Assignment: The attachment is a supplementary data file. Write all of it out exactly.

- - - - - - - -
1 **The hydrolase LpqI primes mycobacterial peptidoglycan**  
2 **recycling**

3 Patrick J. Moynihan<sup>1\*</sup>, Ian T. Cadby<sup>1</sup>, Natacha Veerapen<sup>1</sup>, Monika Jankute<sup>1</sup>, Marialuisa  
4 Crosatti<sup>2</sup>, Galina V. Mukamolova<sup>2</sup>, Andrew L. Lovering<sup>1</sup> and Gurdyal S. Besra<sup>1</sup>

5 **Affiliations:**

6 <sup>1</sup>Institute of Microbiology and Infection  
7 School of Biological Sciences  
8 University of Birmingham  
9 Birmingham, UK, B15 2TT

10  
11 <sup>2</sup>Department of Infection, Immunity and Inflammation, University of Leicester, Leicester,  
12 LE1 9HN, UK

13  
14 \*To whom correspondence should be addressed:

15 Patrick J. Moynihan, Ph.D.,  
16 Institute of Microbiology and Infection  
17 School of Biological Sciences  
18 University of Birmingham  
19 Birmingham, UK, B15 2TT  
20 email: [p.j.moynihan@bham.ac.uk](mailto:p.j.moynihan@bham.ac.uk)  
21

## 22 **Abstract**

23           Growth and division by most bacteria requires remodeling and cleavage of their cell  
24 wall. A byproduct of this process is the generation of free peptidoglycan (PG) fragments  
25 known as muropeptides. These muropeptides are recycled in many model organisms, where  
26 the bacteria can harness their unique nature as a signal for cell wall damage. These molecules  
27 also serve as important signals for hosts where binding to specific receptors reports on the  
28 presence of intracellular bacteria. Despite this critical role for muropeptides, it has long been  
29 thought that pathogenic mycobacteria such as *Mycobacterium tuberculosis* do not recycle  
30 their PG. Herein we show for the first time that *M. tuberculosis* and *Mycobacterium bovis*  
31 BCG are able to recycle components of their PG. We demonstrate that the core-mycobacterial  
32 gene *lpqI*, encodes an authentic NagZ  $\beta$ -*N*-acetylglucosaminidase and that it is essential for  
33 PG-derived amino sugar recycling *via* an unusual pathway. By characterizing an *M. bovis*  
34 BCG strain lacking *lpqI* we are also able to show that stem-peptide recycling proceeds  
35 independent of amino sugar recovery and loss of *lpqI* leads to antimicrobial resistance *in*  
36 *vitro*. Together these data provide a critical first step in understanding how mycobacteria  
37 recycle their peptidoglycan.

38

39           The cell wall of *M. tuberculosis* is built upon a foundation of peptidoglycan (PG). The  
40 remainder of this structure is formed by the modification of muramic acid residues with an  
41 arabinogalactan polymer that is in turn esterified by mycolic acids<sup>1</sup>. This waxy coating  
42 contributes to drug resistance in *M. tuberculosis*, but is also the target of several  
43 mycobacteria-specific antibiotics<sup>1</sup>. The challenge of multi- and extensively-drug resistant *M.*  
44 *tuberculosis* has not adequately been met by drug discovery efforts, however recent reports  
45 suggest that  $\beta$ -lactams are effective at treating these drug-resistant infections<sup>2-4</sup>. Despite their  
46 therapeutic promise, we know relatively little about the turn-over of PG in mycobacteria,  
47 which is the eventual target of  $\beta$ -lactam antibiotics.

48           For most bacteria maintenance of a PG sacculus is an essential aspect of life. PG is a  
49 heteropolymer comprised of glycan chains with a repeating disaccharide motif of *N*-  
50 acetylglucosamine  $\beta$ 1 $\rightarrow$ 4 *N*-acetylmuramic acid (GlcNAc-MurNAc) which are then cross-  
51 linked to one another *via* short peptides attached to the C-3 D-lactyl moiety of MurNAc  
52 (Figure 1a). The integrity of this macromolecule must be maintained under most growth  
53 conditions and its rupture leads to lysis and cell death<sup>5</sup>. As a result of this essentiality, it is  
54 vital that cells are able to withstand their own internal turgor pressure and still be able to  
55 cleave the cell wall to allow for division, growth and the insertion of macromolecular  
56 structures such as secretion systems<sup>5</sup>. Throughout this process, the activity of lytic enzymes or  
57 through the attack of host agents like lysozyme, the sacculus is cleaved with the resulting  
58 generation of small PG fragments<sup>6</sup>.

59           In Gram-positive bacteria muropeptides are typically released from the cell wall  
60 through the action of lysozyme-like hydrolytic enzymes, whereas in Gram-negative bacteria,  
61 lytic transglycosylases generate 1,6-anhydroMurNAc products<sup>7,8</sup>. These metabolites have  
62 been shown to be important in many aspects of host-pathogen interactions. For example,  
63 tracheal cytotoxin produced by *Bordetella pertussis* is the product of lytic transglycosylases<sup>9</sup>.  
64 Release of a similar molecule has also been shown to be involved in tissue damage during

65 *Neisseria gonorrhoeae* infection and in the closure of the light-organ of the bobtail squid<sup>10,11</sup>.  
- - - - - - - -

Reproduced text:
1 **The hydrolase LpqI primes mycobacterial peptidoglycan**  
2 **recycling**

3 Patrick J. Moynihan<sup>1\*</sup>, Ian T. Cadby<sup>1</sup>, Natacha Veerapen<sup>1</sup>, Monika Jankute<sup>1</sup>, Marialuisa  
4 Crosatti<sup>2</sup>, Galina V. Mukamolova<sup>2</sup>, Andrew L. Lovering<sup>1</sup> and Gurdyal S. Besra<sup>1</sup>

5 **Affiliations:**

6 <sup>1</sup>Institute of Microbiology and Infection  
7 School of Biological Sciences  
8 University of Birmingham  
9 Birmingham, UK, B15 2TT

10  
11 <sup>2</sup>Department of Infection, Immunity and Inflammation, University of Leicester, Leicester,  
12 LE1 9HN, UK

13  
14 \*To whom correspondence should be addressed:

15 Patrick J. Moynihan, Ph.D.,  
16 Institute of Microbiology and Infection  
17 School of Biological Sciences  
18 University of Birmingham  
19 Birmingham, UK, B15 2TT  
20 email: [p.j.moynihan@bham.ac.uk](mailto:p.j.moynihan@bham.ac.uk)  
21

## 22 **Abstract**

23           Growth and division by most bacteria requires remodeling and cleavage of their cell  
24 wall. A byproduct of this process is the generation of free peptidoglycan (PG) fragments  
25 known as muropeptides. These muropeptides are recycled in many model organisms, where  
26 the bacteria can harness their unique nature as a signal for cell wall damage. These molecules  
27 also serve as important signals for hosts where binding to specific receptors reports on the  
28 presence of intracellular bacteria. Despite this critical role for muropeptides, it has long been  
29 thought that pathogenic mycobacteria such as *Mycobacterium tuberculosis* do not recycle  
30 their PG. Herein we show for the first time that *M. tuberculosis* and *Mycobacterium bovis*  
31 BCG are able to recycle components of their PG. We demonstrate that the core-mycobacterial  
32 gene *lpqI*, encodes an authentic NagZ  $\beta$ -*N*-acetylglucosaminidase and that it is essential for  
33 PG-derived amino sugar recycling *via* an unusual pathway. By characterizing an *M. bovis*  
34 BCG strain lacking *lpqI* we are also able to show that stem-peptide recycling proceeds  
35 independent of amino sugar recovery and loss of *lpqI* leads to antimicrobial resistance *in*  
36 *vitro*. Together these data provide a critical first step in understanding how mycobacteria  
37 recycle their peptidoglycan.

38

39           The cell wall of *M. tuberculosis* is built upon a foundation of peptidoglycan (PG). The  
40 remainder of this structure is formed by the modification of muramic acid residues with an  
41 arabinogalactan polymer that is in turn esterified by mycolic acids<sup>1</sup>. This waxy coating  
42 contributes to drug resistance in *M. tuberculosis*, but is also the target of several  
43 mycobacteria-specific antibiotics<sup>1</sup>. The challenge of multi- and extensively-drug resistant *M.*  
44 *tuberculosis* has not adequately been met by drug discovery efforts, however recent reports  
45 suggest that  $\beta$ -lactams are effective at treating these drug-resistant infections<sup>2-4</sup>. Despite their  
46 therapeutic promise, we know relatively little about the turn-over of PG in mycobacteria,  
47 which is the eventual target of  $\beta$ -lactam antibiotics.

48           For most bacteria maintenance of a PG sacculus is an essential aspect of life. PG is a  
49 heteropolymer comprised of glycan chains with a repeating disaccharide motif of *N*-  
50 acetylglucosamine  $\beta$ 1 $\rightarrow$ 4 *N*-acetylmuramic acid (GlcNAc-MurNAc) which are then cross-  
51 linked to one another *via* short peptides attached to the C-3 D-lactyl moiety of MurNAc  
52 (Figure 1a). The integrity of this macromolecule must be maintained under most growth  
53 conditions and its rupture leads to lysis and cell death<sup>5</sup>. As a result of this essentiality, it is  
54 vital that cells are able to withstand their own internal turgor pressure and still be able to  
55 cleave the cell wall to allow for division, growth and the insertion of macromolecular  
56 structures such as secretion systems<sup>5</sup>. Throughout this process, the activity of lytic enzymes or  
57 through the attack of host agents like lysozyme, the sacculus is cleaved with the resulting  
58 generation of small PG fragments<sup>6</sup>.

59           In Gram-positive bacteria muropeptides are typically released from the cell wall  
60 through the action of lysozyme-like hydrolytic enzymes, whereas in Gram-negative bacteria,  
61 lytic transglycosylases generate 1,6-anhydroMurNAc products<sup>7,8</sup>. These metabolites have  
62 been shown to be important in many aspects of host-pathogen interactions. For example,  
63 tracheal cytotoxin produced by *Bordetella pertussis* is the product of lytic transglycosylases<sup>9</sup>.  
64 Release of a similar molecule has also been shown to be involved in tissue damage during

65 *Neisseria gonorrhoeae* infection and in the closure of the light-organ of the bobtail squid<sup>10,11</sup>.  